It is the nerve centre of a separatist movement which for more than 30 years has campaigned to destabilise the world’s biggest democracy.
Because here in the West Midlands, champions of an independent Sikh homeland are campaigning for a new home – thousands of miles away in northern India.
Indeed, decisions made behind closed doors in Birmingham have the potential to affect the future of millions of Sikhs worldwide. But they have also sparked tensions with the police. Recently, local officers conducted raids on homes around Birmingham they say have links to “terrorist activity”, and now hundreds of Sikhs are expected to protest today outside the Tory party conference which takes place in the city this week.
Calls for an independent Sikh homeland, Khalistan (Land of the Pure), stretch back to the days of partition in 1947, when the Punjab was divided between India and the then newly created Pakistan.
“The Muslims got Pakistan including half of Punjab and the Hindus were given all of India but Sikhs were left homeless despite having ruled the region for decades before the British invaded,” explains Raj Mann of the Leicester Sikh Alliance.
The armed struggle for Khalistan began in earnest in 1984 when the Indian army launched an assault on the Sikhs’ holiest shrine the Golden Temple in Amritsar in Punjab, India, in an attempt to flush out disaffected Sikhs who accused India of persecution.
Months later, the then-prime minister Indira Gandhi was assassinated by Sikh bodyguards, sparking riots across the country which saw thousands of Sikhs killed.
British Sikhs in the West Midlands formed the International Sikh Youth Federation (ISYF), dubbed the “Sikh Sinn Fein”, and Babbar Khalsa International soon after, but both groups were banned under anti-terror laws in 2001.
Home Office officials cited several examples of “Sikh terrorist activity” including Warwickshire hitman Patrick Timlin who was jailed in 1987 after being paid to murder three moderate Sikhs.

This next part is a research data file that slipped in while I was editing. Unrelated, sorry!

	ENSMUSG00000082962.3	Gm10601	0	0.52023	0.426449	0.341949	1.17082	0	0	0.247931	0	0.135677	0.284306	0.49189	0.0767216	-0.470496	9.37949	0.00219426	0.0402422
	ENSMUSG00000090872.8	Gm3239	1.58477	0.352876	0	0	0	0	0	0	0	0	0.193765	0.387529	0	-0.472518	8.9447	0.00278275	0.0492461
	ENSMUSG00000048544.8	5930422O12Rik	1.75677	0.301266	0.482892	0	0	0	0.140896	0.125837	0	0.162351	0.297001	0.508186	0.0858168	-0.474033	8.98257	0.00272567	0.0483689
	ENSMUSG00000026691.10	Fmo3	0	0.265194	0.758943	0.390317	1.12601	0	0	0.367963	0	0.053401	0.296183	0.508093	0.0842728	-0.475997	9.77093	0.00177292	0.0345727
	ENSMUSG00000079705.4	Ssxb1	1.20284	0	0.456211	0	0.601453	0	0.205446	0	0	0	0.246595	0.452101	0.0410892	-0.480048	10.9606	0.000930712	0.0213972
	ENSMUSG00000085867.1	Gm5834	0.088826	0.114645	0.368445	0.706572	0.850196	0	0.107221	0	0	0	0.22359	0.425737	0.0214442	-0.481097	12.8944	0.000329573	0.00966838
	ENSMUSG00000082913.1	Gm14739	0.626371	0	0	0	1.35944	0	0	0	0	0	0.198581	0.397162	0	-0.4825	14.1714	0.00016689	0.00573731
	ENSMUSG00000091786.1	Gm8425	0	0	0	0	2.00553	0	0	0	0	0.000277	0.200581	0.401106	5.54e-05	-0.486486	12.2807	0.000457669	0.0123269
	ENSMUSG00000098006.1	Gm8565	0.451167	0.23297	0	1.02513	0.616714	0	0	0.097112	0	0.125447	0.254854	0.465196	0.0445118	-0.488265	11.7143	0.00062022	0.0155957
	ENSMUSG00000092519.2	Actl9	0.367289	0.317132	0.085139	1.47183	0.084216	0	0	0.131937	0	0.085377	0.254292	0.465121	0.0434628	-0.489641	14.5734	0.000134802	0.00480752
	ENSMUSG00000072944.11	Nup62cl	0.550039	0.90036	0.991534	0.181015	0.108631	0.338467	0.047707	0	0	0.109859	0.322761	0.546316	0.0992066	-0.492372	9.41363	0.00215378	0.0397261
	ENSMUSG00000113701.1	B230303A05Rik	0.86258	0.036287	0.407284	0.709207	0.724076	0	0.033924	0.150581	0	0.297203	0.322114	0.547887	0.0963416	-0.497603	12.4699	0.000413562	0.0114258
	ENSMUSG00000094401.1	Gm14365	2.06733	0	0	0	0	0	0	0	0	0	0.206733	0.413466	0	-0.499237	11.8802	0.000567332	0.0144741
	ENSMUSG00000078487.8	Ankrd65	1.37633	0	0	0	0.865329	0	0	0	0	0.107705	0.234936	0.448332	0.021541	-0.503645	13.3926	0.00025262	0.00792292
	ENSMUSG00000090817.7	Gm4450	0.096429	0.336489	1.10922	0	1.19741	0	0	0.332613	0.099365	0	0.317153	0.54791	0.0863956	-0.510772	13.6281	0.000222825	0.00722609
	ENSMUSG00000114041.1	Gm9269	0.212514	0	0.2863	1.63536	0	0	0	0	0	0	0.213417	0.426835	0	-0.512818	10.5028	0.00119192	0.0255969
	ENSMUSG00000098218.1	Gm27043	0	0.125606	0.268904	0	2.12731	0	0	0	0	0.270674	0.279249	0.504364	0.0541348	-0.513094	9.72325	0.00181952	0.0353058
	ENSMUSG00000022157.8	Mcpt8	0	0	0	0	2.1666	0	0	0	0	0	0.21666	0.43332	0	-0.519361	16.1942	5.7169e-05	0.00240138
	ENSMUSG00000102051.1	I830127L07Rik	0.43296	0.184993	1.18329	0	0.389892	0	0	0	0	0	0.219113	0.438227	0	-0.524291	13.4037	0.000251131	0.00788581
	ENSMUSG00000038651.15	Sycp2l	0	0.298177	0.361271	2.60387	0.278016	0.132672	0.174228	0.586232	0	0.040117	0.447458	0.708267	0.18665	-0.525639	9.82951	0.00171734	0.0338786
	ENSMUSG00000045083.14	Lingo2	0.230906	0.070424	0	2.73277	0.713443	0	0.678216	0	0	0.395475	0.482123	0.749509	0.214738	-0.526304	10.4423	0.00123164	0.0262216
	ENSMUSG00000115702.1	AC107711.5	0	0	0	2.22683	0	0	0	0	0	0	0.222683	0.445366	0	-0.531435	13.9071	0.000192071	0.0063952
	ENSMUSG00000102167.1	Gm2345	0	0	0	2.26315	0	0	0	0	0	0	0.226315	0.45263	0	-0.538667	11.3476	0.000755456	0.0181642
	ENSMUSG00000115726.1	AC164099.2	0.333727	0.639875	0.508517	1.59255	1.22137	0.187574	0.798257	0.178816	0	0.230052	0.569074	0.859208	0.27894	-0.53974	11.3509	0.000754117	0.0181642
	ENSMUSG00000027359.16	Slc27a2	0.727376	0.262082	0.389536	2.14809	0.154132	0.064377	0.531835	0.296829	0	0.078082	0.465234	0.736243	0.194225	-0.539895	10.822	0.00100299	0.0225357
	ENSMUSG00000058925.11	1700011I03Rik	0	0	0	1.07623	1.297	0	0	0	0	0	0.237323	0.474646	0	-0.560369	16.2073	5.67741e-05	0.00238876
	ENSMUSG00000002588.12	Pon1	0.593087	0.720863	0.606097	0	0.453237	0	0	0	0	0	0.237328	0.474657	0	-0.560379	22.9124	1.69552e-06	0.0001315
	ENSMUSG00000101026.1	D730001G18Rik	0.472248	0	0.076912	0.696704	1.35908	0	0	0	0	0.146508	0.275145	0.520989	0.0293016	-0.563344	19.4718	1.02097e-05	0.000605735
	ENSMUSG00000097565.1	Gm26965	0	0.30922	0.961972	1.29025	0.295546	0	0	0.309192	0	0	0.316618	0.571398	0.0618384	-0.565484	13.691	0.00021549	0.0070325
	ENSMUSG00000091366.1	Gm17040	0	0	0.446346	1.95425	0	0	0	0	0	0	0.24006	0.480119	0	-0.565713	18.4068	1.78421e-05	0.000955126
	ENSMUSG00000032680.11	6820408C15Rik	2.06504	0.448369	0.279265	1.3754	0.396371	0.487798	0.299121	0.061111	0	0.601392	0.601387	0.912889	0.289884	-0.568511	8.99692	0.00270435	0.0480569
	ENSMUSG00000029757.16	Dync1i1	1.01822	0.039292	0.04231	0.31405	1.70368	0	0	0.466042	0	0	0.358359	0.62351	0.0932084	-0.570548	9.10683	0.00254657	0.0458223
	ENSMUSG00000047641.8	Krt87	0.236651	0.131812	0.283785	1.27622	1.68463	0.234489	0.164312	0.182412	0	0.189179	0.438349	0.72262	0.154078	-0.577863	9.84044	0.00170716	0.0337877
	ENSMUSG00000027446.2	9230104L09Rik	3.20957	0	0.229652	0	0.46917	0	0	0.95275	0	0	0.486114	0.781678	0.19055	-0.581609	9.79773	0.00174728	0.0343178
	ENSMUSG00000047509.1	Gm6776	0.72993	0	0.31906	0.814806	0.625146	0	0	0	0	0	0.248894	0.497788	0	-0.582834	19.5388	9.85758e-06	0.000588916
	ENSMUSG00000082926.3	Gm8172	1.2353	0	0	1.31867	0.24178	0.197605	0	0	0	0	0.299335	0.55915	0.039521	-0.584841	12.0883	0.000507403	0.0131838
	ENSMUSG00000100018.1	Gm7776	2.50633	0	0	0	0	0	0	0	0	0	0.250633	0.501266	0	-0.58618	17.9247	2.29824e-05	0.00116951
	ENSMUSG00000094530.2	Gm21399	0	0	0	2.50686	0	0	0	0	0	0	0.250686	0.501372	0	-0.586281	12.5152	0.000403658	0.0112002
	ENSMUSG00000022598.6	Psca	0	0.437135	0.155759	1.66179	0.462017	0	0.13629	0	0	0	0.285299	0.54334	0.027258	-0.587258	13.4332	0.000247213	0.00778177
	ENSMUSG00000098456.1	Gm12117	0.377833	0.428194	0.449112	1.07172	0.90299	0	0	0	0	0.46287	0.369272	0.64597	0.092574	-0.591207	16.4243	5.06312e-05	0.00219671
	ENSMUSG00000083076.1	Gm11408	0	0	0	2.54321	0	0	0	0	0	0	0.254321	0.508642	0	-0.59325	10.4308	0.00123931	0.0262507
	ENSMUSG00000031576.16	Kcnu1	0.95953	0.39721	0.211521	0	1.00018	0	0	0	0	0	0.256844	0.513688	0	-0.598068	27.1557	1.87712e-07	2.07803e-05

Two years earlier, Coventry Sikh Inderjit Reyat was jailed for a bomb blast in Tokyo and later linked to an Air India jumbo bombing over Ireland which killed 329 people.
The spiralling violence in the 1980s and 90s led the then West Midlands Chief Constable Geoffrey Dear to declare that some 2,000 Sikhs in the Birmingham region were supporting terrorist activities in the Punjab.
In more recent years three British Sikhs were jailed for attempting to slit the throat of a retired Indian army general in London in 2012.
However in an unprecedented move, the ban on the ISYF was overturned in 2016 after years of campaigning by groups led by the pro-Sikh independence Sikh Federation.
A spokesman said: “The ban was politically motivated and not backed by any real evidence.
“Overnight we had been labelled terrorists when all we do is peacefully campaign for the UN-given right to self determination and a proper investigation into the killing of thousands of Sikhs across India.”
The Indian authorities brutally crushed the armed uprising in Punjab by the mid 1990s when many Sikh insurgents sought political asylum abroad in the UK and Canada.
Now their children and a new generation of British Sikhs have taken upon the cause using the internet and social media to call for a referendum on Khalistan in 2020.
They include Scottish Sikh Jagtar Johal, currently held in a Punjab jail without trial for nearly a year charged with funding the murders of prominent Hindu politicians in India.
Some Sikhs believe his confessions under torture led to UK anti-terror police investigating “extremist activity in India” and money laundering offences, raiding five addresses linked to Sikh activists last week.
Shamsher Singh, of the National Sikh Youth Federation, whose home was targeted, said: “The raids were at the request of the Indian government and British police are being used to intimidate and harass us.
“The UK is just pandering to India for trade favours.”